From NASA to Nectar

Engineering a successful family-run honey farm

Talk about changing the trajectory of your career.

Howard Bradshaw was working as a rocket engineer at NASA-supplier Rocketdyne in the mid-1960s when he decided to leave all that behind to devote his life to beekeeping. 

Of course, Howard wasn’t a novice when it came to keeping honeybees. He had found a swarm of bees as a youngster and immediately fell in love with the amazing insect.

“He came home from work one day – he was fixing bicycles at the bike shop for 25 cents an hour – and there was a swarm of bees sitting on the hedge in the front yard,” explains Howard’s son, David. “Back in the day, you could go down to Sears Roebuck and buy anything that was in the catalog, including a beehive kit, so he went down and bought a beehive. That was the start. He kept bees from that time on until he officially retired a few years ago.”

At Rocketdyne, much of Howard’s work related to the Apollo Program, David says.

“But they had a series of mishaps where someone mixed the wrong combination of fuel together and there was an explosion,” David recalls. “My dad said, ‘You know what? I think beekeeping is a safer job than building rocket engines.’ So he quit.”

Beekeeping becomes a lifelong love affair

Howard moved his family from Los Angeles to the Visalia, California, area, located about 40 miles south of Fresno, where the Bradshaw Honey Farm has been ever since. In addition to building his honey operation, Howard also rented his bees to area farmers for pollination services.

“More and more almonds were in demand, which called for more bees, so we got more bees and it really took off,” says David. “When I graduated from high school, my mom told me that I needed to go to college and my dad was like, ‘No, he needs to work bees with me.’”

David did attend a few years of college before returning home to work in the honey business. He soon added his own hives to the operation, and Howard joined the Sioux Honey Association Co-op in the late ‘60s; David joined in 1976.

“We do a lot of pollinating, but we also have an amazing honey crop to go with it,” David said. “We’re surrounded by oranges, so our big honey crop is orange honey. And then, in the summer, we have some alfalfa honey.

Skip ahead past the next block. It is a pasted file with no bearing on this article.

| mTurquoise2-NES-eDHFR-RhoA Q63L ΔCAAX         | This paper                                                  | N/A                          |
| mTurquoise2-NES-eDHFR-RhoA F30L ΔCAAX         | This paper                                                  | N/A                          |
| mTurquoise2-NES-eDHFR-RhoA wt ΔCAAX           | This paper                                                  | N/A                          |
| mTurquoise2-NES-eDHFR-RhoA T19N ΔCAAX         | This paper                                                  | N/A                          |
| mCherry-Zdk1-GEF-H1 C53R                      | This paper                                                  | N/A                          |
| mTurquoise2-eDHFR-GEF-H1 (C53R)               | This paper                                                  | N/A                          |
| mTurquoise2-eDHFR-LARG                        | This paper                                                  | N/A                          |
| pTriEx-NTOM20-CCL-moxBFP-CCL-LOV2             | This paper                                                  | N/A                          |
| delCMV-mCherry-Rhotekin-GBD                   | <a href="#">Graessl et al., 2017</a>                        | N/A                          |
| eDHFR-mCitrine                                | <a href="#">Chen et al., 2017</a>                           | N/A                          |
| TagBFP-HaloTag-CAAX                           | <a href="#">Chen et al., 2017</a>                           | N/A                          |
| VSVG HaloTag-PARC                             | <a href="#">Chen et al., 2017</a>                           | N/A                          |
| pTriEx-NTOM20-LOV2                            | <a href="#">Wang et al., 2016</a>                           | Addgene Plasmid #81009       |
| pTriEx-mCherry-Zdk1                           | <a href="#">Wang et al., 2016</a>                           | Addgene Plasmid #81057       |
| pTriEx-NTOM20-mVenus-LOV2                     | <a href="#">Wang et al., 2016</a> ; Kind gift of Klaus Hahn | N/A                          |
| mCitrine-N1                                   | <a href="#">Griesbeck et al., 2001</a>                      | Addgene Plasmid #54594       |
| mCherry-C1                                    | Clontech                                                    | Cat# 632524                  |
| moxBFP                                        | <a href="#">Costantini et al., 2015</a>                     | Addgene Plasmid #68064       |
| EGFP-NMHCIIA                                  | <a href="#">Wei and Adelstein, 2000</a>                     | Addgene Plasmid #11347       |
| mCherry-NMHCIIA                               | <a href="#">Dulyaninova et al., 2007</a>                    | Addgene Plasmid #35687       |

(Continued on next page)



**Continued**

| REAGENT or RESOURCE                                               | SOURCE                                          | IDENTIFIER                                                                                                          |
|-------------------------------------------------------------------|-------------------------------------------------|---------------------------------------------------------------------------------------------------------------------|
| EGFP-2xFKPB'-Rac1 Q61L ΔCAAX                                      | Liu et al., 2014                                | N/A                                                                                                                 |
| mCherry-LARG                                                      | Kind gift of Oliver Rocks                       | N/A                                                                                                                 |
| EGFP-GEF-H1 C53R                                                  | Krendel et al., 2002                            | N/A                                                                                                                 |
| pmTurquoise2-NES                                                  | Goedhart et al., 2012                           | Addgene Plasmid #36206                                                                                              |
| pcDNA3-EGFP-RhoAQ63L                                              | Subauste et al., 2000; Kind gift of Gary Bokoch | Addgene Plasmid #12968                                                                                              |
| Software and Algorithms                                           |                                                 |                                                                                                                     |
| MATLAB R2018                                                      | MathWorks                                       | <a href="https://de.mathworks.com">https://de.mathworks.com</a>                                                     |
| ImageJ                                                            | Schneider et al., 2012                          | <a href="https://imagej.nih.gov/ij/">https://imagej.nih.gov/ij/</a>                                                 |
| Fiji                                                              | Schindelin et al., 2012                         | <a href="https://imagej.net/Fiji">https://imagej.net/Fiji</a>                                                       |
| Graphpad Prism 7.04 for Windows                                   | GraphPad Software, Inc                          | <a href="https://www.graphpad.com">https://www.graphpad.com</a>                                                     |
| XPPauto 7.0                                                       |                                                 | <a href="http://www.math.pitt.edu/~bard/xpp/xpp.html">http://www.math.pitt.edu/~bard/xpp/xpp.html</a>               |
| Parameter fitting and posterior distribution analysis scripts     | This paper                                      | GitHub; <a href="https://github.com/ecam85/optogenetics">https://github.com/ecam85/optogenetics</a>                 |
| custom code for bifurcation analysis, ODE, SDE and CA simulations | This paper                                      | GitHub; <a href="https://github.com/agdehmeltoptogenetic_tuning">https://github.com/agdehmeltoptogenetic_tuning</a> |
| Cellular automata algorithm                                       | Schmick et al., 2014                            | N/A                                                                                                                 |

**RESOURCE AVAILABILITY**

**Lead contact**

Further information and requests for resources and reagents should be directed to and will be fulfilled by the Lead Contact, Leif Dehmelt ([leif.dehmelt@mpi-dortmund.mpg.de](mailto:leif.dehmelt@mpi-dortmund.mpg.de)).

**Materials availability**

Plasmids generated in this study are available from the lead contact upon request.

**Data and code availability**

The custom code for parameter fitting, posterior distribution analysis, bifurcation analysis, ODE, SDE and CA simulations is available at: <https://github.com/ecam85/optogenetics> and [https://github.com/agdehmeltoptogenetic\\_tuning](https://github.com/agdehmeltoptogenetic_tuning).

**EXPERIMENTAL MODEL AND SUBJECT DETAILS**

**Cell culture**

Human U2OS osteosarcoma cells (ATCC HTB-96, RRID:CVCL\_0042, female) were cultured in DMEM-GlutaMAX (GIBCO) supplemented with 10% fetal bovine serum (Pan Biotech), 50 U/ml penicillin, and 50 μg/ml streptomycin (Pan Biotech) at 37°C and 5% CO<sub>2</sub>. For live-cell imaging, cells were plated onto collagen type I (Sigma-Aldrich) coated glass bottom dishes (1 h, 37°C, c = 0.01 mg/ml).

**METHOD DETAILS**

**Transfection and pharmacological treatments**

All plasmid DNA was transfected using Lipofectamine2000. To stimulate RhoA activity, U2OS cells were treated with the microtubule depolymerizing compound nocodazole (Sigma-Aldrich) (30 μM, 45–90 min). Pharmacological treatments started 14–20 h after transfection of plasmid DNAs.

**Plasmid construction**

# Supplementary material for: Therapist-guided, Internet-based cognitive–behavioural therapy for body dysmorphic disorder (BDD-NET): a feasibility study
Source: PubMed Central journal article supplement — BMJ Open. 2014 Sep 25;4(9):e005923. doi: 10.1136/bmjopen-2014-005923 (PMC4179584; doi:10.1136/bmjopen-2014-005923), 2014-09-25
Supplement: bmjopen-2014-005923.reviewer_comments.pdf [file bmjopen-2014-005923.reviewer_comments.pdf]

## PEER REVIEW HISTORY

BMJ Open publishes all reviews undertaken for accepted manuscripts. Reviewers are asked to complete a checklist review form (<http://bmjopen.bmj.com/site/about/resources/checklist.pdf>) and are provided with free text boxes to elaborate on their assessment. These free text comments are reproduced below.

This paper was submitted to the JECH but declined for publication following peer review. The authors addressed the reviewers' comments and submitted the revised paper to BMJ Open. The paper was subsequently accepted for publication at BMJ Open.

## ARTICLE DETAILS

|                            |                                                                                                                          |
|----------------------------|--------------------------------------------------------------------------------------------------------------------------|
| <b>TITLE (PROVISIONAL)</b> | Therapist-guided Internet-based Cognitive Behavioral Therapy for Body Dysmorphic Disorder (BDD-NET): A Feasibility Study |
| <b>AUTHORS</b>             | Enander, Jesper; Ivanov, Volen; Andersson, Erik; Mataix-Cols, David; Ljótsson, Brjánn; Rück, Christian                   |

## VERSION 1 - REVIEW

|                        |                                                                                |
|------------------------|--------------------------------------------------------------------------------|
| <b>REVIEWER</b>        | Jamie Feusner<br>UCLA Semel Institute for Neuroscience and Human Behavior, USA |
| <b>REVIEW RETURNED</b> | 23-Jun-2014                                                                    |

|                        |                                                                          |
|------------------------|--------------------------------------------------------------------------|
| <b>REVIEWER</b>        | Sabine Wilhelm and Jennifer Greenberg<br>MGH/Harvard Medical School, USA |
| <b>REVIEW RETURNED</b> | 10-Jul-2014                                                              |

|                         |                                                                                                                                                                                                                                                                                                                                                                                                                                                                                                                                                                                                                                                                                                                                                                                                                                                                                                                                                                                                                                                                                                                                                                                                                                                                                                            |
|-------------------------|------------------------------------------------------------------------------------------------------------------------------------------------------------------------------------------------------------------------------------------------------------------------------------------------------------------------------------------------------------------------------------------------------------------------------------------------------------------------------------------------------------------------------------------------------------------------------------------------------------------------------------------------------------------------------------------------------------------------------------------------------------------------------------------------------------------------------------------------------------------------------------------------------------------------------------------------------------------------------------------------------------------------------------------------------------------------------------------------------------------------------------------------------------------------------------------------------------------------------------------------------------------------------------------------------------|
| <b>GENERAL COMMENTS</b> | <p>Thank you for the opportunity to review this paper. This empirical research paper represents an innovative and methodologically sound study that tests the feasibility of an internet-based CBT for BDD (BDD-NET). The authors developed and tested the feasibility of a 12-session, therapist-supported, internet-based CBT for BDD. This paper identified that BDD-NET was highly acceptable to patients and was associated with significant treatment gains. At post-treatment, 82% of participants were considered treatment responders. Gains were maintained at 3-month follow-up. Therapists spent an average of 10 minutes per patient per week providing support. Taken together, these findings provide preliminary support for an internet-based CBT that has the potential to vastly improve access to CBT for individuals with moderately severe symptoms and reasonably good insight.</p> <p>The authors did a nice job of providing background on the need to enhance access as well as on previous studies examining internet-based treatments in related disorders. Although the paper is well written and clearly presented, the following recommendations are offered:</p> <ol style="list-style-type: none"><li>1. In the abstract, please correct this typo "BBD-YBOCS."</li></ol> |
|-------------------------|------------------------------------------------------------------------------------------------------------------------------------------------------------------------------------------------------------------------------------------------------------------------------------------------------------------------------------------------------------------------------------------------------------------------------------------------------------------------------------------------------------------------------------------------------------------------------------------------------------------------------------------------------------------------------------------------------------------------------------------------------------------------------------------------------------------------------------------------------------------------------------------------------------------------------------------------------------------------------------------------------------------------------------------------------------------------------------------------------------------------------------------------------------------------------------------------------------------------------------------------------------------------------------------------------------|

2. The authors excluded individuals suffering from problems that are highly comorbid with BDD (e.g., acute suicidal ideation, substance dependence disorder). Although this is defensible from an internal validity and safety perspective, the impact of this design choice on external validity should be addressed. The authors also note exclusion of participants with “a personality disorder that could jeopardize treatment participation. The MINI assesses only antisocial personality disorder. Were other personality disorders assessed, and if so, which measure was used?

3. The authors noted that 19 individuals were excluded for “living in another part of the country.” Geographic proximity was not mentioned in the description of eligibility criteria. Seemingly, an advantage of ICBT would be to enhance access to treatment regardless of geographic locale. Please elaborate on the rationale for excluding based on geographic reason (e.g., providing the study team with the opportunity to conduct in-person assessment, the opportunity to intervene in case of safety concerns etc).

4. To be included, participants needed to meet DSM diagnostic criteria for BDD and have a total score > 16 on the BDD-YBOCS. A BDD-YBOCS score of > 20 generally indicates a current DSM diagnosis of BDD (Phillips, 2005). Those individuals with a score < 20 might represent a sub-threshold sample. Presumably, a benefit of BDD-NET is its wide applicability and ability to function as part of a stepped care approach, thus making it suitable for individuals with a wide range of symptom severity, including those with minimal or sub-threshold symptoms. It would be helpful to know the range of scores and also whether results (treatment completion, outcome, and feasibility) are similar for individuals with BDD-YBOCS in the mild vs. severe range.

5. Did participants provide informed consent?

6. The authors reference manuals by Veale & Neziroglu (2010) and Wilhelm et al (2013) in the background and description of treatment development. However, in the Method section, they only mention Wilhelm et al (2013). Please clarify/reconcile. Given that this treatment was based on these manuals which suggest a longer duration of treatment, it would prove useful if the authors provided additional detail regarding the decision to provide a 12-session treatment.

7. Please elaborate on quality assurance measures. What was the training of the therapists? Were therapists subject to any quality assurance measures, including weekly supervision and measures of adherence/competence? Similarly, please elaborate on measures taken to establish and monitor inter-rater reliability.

“My dad and I worked side by side until he was 81,” David said. Howard passed away in June 2019. “He longed for the days of working with bees.”

Photo of beekeeper Howard Bradshaw

A handshake and some honey

For honey farmers, it’s all about location. The fields where they are able to set their hives determine what types of honey their bees produce, and how much. For years, beekeepers have made handshake deals with traditional crop and livestock farmers to place their hives.

“It’s still done with a handshake, surprisingly,” says David. “It’s still pretty old-school. I’ve been working with these ranchers and farmers for 40 years. They’re good people.”

Nozzles and dollies

David Bradshaw must have his dad’s engineering genes in him, because he has made a name for himself with beekeepers across the U.S. thanks to his custom-made beekeeping tools.

“We are always looking for ways to make our work more efficient,” David says. Through years of trial and error, we have developed a few tools that have proven to save us time and save our backs from the constant bending and lifting.”

From a special Bee Hive Dolly (aka “the Back Saver”) to a custom-designed beehive tool that helps with beehive box construction, David is all about making the beekeeper’s job easier.

Best job in the world

“The lifestyle of beekeeping, being your own boss, is amazing,” says David. “You watch the bees and see how they are organized; it’s just amazing.”

Of course, beekeeping – the long hours, the driving, the moving of hives, the stings and everything that goes with it – comes with a lot of responsibility and hard work.

“It’s a constant effort, every day. I keep a little notebook here. My list just keeps getting bigger and bigger and bigger. I keep checking them off because I have to think of things to do, think of things for the employees to do, and try to get everything done in an efficient manner.

“But this is the best job I could ever imagine.”

Categories: Honey Stories

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